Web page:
National religious leader the Rev. Jim Wallis decided on Ash Wednesday in Denver to fast and pray for the renewal of a troubled national spirit.
The founder of the country's largest network of progressive Christians is calling for a new movement demanding ethical government and corporations.
"I think the nation is in deep trouble. The political system is broken. Members on both sides tell me it's the worst they've ever seen — the vitriol, the attacks," said Wallis, Sojourners president, Harvard University teacher, best-selling author and international commentator on religion.
"Washington is hopeless," Wallis told The Denver Post. "They never stop campaigning to govern. Most people, on all sides, feel that.
Wallis spoke Wednesday at the Denver Forum luncheon at the Oxford Hotel. He passed on the chicken and pushed aside his cheesecake, and told forum members that this Lent he will eat only vegetables and fruit. He is fasting, he said, to clear his mind and focus his heart.
The Detroit native turned eminent Washingtonian is an adviser and friend to President Barack Obama but also rubs elbows with prominent politicians of all stripes. He told The Post he's fasting partly because he doesn't know what else to do.
"I'm very worried about the country." And yet, he added, "fasting is not an act of desperation. Hope is a decision we make."
Wallis' new book is "Rediscovering Values on Wall Street, Main Street and Your Street: A Moral Compass for the New Economy." In it he argues that the current financial crisis is a moral crisis.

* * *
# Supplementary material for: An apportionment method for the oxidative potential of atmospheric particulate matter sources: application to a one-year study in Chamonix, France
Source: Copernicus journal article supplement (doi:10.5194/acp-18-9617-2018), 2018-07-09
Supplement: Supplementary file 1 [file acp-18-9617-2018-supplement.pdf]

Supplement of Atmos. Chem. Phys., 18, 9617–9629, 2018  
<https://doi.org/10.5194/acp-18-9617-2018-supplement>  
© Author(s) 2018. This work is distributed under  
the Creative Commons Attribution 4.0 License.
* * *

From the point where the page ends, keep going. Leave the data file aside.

"Our kids are not safe in the hands of Wall Street executives. Our economy, society and culture are not safe in the hands of Wall Street," Wallis said. "Washington won't hold them accountable. They have enough money to buy their way out from under regulation."
He said lobbies have spent $200 million to kill regulatory reform.
The advertising and political worlds have made us "mere consumers," he said, and Americans must re-examine what it means to be citizens, or at least consumers who have standards for their corporations. Congress should create the Consumer Financial Protection Agency, Wallis said.
His book details 20 moral exercises for people, from moving their money around to community service.
"We need to build a movement," Wallis said. "We won't get economic recovery without moral recovery."
East High School students attending Wednesday's forum asked Wallis what young people could do. He advised that they choose vocations rather than careers. They should ask what gifts they have to share rather than what assets they want to accumulate, he said.
"It would be wrong to point our fingers at the big fat cats and think we're off the hook," Wallis said. "It's time to stop keeping up with the Joneses to making sure the Joneses are OK."
Electa Draper: 303-954-1276 or firstname.lastname@example.org